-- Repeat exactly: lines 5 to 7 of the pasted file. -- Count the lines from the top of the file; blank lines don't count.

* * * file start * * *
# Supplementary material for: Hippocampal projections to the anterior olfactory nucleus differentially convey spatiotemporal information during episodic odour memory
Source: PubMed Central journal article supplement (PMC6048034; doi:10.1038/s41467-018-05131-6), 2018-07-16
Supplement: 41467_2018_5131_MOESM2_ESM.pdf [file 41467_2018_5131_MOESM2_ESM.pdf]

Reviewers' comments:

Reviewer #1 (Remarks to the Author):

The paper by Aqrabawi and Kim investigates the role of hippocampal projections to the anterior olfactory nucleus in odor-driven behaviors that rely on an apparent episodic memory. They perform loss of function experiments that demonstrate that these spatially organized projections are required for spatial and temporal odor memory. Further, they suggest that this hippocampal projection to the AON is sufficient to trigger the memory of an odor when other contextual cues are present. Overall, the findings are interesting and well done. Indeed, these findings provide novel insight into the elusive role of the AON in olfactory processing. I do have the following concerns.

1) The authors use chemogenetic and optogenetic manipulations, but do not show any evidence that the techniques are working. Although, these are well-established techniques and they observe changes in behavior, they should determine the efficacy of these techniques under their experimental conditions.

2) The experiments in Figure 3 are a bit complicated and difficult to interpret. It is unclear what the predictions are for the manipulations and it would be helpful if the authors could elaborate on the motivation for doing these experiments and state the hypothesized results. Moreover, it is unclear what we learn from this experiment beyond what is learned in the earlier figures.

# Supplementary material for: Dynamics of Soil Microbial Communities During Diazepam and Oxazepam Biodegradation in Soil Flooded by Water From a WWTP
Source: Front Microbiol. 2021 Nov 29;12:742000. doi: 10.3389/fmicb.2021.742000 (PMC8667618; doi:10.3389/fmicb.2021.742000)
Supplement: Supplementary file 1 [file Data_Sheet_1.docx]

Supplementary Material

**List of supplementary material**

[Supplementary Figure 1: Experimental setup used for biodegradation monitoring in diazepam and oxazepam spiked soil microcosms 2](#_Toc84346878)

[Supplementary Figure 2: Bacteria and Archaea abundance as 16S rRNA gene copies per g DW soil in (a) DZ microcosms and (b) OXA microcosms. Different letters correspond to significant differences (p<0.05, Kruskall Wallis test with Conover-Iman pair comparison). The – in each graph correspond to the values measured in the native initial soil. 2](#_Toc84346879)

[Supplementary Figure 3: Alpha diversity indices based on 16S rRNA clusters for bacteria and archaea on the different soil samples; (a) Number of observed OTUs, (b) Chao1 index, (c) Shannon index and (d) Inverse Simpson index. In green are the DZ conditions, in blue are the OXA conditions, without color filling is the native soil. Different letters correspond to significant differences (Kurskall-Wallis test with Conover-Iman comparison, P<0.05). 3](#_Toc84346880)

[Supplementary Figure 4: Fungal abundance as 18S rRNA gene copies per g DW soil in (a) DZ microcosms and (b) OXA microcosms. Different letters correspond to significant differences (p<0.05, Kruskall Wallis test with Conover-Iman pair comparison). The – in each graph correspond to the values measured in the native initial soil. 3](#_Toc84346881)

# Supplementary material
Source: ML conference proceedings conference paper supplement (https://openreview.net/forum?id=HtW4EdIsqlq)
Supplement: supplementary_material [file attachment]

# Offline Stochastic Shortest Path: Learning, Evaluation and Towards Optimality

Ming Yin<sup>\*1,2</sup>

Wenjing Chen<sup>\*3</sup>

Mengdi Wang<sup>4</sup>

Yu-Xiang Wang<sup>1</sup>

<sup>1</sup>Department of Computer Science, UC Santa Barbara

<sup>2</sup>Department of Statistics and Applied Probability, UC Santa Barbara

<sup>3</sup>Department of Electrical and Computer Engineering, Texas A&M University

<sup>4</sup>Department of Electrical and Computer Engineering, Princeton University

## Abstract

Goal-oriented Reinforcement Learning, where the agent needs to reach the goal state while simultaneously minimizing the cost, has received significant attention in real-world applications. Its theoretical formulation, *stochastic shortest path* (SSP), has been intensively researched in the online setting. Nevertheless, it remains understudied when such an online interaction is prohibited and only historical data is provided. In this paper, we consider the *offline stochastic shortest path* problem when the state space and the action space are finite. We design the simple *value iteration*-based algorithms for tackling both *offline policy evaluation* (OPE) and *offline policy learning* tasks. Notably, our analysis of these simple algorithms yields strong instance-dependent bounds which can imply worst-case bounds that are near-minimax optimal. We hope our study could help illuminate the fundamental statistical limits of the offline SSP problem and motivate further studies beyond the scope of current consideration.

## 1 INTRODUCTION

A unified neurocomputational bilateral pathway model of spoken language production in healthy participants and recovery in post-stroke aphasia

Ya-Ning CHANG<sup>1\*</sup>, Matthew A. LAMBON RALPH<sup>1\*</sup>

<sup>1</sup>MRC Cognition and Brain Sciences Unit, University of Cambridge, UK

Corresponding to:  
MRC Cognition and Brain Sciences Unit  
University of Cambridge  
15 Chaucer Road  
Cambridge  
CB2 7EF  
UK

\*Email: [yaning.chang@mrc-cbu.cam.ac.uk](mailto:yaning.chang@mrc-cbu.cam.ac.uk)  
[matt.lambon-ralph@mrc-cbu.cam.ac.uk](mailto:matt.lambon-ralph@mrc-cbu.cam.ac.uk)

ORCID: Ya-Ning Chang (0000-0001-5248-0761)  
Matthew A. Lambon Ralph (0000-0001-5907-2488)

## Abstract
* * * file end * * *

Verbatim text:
Reviewer #1 (Remarks to the Author):

The paper by Aqrabawi and Kim investigates the role of hippocampal projections to the anterior olfactory nucleus in odor-driven behaviors that rely on an apparent episodic memory. They perform loss of function experiments that demonstrate that these spatially organized projections are required for spatial and temporal odor memory. Further, they suggest that this hippocampal projection to the AON is sufficient to trigger the memory of an odor when other contextual cues are present. Overall, the findings are interesting and well done. Indeed, these findings provide novel insight into the elusive role of the AON in olfactory processing. I do have the following concerns.

1) The authors use chemogenetic and optogenetic manipulations, but do not show any evidence that the techniques are working. Although, these are well-established techniques and they observe changes in behavior, they should determine the efficacy of these techniques under their experimental conditions.